WASHINGTON — Republican presidential candidate Donald Trump says he will push a package of ethics changes if elected that includes a law banning executive branch employees and members of Congress from lobbying the government for five years after they leave office.
The proposal marks the first detailed ethics policy from the New York businessman who has long decried the role of lobbyists in Washington and has sought to cast his Democratic rival Hillary Clinton as criminally corrupt.
He argued that Clinton is beholden to moneyed special interests, including foreign donors to the Clinton Foundation, and said he would bar senior executive branch officials from ever lobbying on behalf of a foreign government and would prohibit foreign lobbyists from raising money in U.S. elections.
Trump also wants to expand the definition of lobbyist to include people who label themselves “consultants” or “advisers” but who focus on helping clients navigate Washington and shape federal policy.
“It is time to drain the swamp in Washington, D.C.,” Trump declared at a rally Monday night in Wisconsin, where he unveiled the plan, just two days before he and Clinton are slated to face off in their final presidential debate.
On Tuesday, Trump added another element to his ethics plans, announcing that he would pursue a constitutional amendment, imposing term limits on members of Congress.
Government watchdogs say Trump’s lobbying proposals fall short because they apply to lawmakers and subordinates and do little address the novel ethics issues his own presidency would pose.
Trump, for instance, has not released his tax returns, bucking a four-decade tradition for presidential candidates. He has cited an ongoing IRS audit for his refusal to do so. He’s also said he would avoid conflicts of interest with his branding and real-estate empire by having his children run the company during his time in the White House.
Previous presidents have gone further, often divesting themselves of their outside business interests, putting their investments in a blind trust in which a third-party manages their assets or stashing their money in broadly diverse funds.
“If he’s going to be credible, he needs to focus on the issues with respect to himself,” said Richard Painter, the former chief ethics lawyer in President George W. Bush’s White House.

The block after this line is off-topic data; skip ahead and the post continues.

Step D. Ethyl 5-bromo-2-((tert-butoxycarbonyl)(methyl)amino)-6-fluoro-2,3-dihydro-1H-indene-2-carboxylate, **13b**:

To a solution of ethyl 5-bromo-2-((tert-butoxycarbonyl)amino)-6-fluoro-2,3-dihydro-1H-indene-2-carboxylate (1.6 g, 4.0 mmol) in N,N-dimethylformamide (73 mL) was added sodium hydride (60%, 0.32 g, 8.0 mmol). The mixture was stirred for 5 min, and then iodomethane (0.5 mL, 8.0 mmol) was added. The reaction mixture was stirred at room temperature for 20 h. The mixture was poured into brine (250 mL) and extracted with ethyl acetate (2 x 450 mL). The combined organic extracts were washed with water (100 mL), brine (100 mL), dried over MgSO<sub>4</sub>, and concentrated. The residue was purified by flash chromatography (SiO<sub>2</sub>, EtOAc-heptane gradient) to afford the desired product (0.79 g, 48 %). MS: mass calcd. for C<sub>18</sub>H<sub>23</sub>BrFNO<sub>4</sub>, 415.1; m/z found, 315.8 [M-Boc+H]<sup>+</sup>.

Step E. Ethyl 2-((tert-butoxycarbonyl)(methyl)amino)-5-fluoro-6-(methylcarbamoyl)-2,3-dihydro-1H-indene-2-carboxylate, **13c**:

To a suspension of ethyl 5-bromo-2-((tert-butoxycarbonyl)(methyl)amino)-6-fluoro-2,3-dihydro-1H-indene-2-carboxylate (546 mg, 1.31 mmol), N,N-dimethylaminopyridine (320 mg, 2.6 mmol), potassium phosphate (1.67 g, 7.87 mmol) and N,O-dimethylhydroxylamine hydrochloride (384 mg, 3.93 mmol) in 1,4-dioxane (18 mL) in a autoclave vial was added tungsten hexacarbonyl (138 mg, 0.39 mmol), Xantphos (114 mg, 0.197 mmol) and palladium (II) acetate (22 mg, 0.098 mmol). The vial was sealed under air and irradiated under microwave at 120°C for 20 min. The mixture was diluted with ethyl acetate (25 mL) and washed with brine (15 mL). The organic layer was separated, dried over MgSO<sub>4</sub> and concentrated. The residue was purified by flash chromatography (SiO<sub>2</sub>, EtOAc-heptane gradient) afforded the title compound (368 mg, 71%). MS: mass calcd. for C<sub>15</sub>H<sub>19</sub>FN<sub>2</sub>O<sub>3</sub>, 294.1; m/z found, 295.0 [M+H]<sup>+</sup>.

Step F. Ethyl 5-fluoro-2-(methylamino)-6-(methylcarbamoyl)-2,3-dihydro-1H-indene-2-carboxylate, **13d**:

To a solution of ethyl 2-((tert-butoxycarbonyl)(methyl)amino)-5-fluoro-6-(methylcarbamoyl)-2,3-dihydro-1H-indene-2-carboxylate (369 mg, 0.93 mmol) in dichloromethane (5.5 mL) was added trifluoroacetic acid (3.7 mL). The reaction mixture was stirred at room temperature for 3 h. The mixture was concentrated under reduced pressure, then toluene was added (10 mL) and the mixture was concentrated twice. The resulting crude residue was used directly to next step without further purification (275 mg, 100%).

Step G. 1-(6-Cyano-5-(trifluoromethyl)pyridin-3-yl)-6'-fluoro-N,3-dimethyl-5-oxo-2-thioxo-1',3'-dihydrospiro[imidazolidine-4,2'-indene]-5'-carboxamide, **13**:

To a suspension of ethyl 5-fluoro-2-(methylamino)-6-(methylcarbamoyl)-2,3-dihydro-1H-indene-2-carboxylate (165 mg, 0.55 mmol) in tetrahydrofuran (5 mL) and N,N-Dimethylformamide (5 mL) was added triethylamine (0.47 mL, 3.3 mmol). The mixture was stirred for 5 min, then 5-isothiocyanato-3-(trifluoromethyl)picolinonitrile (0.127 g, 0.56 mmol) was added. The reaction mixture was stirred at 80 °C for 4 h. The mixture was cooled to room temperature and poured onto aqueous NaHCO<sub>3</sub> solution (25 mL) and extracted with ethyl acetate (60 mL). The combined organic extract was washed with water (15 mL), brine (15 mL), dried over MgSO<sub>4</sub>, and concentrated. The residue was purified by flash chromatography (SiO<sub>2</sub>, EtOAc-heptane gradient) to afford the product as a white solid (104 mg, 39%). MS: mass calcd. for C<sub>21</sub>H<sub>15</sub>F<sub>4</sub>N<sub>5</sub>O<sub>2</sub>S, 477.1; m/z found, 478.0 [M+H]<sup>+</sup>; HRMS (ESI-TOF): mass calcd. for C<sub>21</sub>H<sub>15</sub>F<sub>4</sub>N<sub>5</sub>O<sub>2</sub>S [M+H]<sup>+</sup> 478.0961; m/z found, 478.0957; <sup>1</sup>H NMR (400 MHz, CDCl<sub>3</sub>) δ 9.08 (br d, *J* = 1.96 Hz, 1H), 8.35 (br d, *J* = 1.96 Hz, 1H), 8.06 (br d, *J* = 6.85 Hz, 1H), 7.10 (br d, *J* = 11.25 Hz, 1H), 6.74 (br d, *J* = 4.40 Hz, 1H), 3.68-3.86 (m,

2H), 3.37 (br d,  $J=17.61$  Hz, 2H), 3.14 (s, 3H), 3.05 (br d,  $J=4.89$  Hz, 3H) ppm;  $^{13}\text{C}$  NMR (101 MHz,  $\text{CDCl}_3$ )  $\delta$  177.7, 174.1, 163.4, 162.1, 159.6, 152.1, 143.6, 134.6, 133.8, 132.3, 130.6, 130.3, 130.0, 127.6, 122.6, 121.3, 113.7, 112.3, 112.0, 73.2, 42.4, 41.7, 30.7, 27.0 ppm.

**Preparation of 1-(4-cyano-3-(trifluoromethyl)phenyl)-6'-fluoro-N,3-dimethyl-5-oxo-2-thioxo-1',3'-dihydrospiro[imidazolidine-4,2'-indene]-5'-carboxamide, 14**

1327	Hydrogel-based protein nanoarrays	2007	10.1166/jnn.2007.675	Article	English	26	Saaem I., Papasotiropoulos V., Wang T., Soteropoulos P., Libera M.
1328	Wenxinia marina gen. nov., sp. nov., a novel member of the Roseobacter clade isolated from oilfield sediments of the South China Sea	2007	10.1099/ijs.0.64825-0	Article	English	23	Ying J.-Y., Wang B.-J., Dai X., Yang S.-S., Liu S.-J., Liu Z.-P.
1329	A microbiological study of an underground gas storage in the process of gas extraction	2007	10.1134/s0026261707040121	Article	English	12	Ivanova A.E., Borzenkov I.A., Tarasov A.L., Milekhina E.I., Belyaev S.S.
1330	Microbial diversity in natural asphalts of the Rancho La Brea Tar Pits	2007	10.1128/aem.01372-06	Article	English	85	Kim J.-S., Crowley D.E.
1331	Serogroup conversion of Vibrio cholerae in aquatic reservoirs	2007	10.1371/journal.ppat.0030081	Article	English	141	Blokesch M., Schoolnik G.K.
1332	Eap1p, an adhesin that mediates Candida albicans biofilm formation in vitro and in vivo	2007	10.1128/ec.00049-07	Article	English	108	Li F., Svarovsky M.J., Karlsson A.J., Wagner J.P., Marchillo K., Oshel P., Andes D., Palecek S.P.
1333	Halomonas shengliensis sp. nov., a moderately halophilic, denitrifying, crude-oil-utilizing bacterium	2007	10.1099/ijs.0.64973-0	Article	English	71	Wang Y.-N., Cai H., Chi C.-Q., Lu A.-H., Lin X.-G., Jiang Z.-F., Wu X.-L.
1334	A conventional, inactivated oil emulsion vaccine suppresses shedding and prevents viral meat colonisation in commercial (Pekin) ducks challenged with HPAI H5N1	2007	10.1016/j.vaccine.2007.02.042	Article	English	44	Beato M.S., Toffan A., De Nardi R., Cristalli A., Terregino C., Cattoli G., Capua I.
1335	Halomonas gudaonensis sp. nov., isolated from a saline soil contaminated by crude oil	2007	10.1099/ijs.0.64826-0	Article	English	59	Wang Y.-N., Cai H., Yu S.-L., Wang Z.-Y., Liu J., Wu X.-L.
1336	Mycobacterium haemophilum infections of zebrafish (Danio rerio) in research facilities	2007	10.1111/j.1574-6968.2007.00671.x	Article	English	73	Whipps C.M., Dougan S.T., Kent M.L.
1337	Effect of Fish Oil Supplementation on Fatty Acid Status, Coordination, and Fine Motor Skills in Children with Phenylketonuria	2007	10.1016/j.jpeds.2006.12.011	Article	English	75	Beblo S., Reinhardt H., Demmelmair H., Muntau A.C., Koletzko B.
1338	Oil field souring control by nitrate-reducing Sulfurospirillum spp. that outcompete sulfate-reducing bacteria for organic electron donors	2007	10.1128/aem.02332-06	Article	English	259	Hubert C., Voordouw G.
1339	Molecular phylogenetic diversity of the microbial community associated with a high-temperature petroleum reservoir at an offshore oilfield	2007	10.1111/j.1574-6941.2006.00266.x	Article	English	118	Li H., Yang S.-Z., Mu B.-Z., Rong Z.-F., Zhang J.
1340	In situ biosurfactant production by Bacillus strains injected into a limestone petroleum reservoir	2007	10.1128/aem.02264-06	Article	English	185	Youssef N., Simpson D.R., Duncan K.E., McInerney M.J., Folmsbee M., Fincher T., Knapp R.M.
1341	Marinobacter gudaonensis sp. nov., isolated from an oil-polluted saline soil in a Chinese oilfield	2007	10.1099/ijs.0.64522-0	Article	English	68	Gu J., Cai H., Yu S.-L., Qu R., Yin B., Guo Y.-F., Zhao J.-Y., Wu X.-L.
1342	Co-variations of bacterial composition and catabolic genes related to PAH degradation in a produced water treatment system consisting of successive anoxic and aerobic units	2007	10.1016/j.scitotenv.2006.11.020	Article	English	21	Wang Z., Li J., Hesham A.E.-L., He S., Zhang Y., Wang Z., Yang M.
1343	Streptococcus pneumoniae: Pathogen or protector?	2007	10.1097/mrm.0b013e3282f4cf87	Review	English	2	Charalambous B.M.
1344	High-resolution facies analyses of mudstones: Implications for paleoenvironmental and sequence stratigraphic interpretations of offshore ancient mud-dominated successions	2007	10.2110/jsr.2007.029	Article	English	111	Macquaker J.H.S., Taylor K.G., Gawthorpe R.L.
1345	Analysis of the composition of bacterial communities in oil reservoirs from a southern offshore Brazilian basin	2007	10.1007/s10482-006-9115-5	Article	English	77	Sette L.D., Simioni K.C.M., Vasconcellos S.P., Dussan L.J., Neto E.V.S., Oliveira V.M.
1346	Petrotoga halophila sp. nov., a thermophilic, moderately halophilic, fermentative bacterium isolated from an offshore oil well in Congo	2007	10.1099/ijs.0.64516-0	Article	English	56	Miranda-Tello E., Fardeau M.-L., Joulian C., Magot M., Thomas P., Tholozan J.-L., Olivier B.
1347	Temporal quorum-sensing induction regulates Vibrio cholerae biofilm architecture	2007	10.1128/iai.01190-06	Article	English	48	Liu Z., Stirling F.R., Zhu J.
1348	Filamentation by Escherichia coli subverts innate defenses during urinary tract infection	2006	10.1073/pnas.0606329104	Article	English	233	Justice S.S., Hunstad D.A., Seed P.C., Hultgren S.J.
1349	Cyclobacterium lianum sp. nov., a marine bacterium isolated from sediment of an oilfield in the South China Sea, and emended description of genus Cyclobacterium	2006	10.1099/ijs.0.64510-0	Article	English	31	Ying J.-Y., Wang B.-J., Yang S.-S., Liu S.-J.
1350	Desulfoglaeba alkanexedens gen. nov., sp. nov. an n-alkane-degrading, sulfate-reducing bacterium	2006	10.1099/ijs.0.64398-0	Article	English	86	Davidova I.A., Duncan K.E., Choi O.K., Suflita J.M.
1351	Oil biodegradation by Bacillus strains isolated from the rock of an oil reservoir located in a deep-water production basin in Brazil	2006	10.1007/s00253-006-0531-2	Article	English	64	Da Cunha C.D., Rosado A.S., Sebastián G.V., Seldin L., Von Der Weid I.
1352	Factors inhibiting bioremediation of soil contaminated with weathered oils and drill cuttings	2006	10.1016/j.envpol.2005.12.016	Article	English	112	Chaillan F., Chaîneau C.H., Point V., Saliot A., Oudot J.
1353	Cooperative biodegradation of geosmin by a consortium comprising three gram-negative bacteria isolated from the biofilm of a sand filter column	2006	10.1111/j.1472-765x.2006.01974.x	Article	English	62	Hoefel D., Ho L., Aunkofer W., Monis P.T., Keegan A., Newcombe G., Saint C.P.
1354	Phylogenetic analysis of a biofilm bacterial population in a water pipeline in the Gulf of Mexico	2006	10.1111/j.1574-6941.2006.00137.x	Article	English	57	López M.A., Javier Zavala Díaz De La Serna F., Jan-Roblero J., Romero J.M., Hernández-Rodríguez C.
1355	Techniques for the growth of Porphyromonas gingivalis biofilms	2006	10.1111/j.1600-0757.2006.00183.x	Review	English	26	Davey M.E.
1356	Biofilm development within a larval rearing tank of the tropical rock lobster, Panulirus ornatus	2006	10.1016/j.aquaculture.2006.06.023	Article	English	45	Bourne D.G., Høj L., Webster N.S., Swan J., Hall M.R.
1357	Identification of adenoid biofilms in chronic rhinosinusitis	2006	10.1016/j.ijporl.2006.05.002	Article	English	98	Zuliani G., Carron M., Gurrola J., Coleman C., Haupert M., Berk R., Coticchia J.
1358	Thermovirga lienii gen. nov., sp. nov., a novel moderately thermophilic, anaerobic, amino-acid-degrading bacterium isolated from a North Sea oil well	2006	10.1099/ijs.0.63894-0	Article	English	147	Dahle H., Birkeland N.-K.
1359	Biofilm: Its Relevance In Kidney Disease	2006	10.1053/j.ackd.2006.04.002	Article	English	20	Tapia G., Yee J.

“These proposals, when they say nothing about the man at the top, will accomplish very little,” he added. “They are as good as the Enron Code of Ethics, which can be had for a song on eBay.”
Trump’s move to close lobbying loopholes marks an “important” step, said Lisa Gilbert of the liberal-leaning watchdog group Public Citizen. But she said the group also wants candidates to address the “power of big money” in politics and work to overturn the Supreme Court’s Citizens United decision, which opened the door to unlimited corporate and union money in candidate elections.
For her part, Clinton has promised to call for a constitutional amendment overturning the Supreme Court’s decision in her first 30 days as president and has endorsed legislation by Sen. Tammy Baldwin, D-Wis., that would clamp down on lobbyists posing as “consultants." The measure also would bar former executive branch employees from taking a job at a company they regulated for two years after leaving the government.
She also has pledged to sign an executive order requiring federal government contractors to disclose their political giving.
Clinton, unlike President Obama, is accepting campaign money and fundraising help from lobbyists. But her aides say she has not hired any lobbyists to work on her presidential transition team or to serve on any of the campaign’s policy advisory groups.
The candidates have not said whether they will maintain Obama’s executive order banning most federal lobbyists from working in the executive branch.